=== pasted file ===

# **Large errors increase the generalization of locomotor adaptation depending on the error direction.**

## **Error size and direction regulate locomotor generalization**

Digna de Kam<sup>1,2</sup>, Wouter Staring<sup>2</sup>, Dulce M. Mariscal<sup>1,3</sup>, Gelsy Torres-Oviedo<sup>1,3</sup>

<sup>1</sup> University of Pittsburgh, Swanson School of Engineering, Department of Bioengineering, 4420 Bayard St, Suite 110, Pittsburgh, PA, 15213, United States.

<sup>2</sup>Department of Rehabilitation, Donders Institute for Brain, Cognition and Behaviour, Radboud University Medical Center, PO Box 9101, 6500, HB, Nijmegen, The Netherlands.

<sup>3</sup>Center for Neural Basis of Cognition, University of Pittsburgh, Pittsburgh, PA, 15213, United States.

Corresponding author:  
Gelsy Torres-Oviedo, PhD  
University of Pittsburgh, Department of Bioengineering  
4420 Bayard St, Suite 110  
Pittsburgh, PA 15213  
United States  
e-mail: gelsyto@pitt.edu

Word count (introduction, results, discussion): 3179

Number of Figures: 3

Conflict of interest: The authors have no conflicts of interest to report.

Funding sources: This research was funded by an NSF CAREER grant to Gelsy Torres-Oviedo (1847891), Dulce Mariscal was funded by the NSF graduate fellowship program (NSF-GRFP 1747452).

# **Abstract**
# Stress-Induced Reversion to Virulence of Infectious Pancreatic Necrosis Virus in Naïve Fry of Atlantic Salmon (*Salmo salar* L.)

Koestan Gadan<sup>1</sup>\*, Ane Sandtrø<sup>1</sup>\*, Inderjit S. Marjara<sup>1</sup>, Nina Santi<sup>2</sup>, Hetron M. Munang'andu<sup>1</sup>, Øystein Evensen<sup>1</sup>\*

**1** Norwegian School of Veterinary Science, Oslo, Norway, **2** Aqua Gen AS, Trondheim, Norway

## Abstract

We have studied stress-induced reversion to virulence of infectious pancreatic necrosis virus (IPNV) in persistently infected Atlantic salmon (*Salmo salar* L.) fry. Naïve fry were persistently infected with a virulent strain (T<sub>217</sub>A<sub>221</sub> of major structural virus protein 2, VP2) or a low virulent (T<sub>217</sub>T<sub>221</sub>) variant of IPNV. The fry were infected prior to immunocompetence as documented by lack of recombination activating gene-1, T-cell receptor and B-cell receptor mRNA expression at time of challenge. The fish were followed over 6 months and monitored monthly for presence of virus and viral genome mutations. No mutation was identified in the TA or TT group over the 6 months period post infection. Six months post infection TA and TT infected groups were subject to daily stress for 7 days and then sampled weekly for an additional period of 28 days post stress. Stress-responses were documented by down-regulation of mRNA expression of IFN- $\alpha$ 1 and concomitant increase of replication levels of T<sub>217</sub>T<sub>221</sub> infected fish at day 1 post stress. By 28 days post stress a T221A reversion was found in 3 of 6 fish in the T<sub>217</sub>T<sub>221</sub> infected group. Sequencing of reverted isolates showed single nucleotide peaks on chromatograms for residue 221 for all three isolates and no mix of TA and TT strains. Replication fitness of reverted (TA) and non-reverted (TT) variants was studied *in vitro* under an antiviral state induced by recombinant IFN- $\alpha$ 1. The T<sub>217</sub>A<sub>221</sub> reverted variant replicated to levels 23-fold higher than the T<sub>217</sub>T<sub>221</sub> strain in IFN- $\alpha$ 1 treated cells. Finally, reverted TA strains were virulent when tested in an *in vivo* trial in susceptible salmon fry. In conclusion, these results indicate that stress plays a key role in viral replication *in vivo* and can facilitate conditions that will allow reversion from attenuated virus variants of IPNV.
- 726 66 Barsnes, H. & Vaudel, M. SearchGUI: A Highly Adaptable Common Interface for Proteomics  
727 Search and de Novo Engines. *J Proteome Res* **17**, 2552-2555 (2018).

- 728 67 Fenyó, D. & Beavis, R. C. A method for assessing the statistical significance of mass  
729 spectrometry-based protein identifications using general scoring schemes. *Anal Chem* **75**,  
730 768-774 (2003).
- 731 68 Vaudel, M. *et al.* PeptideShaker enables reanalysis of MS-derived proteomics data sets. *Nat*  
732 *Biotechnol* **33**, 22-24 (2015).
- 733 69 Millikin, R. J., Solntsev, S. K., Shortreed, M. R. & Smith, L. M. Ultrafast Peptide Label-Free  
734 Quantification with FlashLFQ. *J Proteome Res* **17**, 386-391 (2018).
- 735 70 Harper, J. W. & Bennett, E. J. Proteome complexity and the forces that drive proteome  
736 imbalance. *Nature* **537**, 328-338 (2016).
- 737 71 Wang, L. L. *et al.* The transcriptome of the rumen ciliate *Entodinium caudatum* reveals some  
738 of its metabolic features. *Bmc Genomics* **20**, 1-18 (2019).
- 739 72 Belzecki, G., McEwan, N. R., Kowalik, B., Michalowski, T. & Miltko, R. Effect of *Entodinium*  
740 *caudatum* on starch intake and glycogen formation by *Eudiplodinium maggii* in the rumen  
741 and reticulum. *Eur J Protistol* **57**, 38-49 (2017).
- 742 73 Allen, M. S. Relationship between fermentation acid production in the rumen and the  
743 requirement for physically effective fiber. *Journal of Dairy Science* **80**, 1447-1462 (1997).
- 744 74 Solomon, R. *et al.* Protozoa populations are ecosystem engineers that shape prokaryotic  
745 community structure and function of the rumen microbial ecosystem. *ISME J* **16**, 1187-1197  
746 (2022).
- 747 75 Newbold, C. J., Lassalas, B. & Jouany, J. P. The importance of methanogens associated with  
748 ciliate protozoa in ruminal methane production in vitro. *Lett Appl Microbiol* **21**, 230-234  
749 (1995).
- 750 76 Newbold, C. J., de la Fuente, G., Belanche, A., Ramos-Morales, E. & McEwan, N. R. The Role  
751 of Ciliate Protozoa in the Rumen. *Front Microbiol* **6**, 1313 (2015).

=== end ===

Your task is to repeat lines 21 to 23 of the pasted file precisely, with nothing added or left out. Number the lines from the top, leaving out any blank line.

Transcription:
**1** Norwegian School of Veterinary Science, Oslo, Norway, **2** Aqua Gen AS, Trondheim, Norway

## Abstract

We have studied stress-induced reversion to virulence of infectious pancreatic necrosis virus (IPNV) in persistently infected Atlantic salmon (*Salmo salar* L.) fry. Naïve fry were persistently infected with a virulent strain (T<sub>217</sub>A<sub>221</sub> of major structural virus protein 2, VP2) or a low virulent (T<sub>217</sub>T<sub>221</sub>) variant of IPNV. The fry were infected prior to immunocompetence as documented by lack of recombination activating gene-1, T-cell receptor and B-cell receptor mRNA expression at time of challenge. The fish were followed over 6 months and monitored monthly for presence of virus and viral genome mutations. No mutation was identified in the TA or TT group over the 6 months period post infection. Six months post infection TA and TT infected groups were subject to daily stress for 7 days and then sampled weekly for an additional period of 28 days post stress. Stress-responses were documented by down-regulation of mRNA expression of IFN- $\alpha$ 1 and concomitant increase of replication levels of T<sub>217</sub>T<sub>221</sub> infected fish at day 1 post stress. By 28 days post stress a T221A reversion was found in 3 of 6 fish in the T<sub>217</sub>T<sub>221</sub> infected group. Sequencing of reverted isolates showed single nucleotide peaks on chromatograms for residue 221 for all three isolates and no mix of TA and TT strains. Replication fitness of reverted (TA) and non-reverted (TT) variants was studied *in vitro* under an antiviral state induced by recombinant IFN- $\alpha$ 1. The T<sub>217</sub>A<sub>221</sub> reverted variant replicated to levels 23-fold higher than the T<sub>217</sub>T<sub>221</sub> strain in IFN- $\alpha$ 1 treated cells. Finally, reverted TA strains were virulent when tested in an *in vivo* trial in susceptible salmon fry. In conclusion, these results indicate that stress plays a key role in viral replication *in vivo* and can facilitate conditions that will allow reversion from attenuated virus variants of IPNV.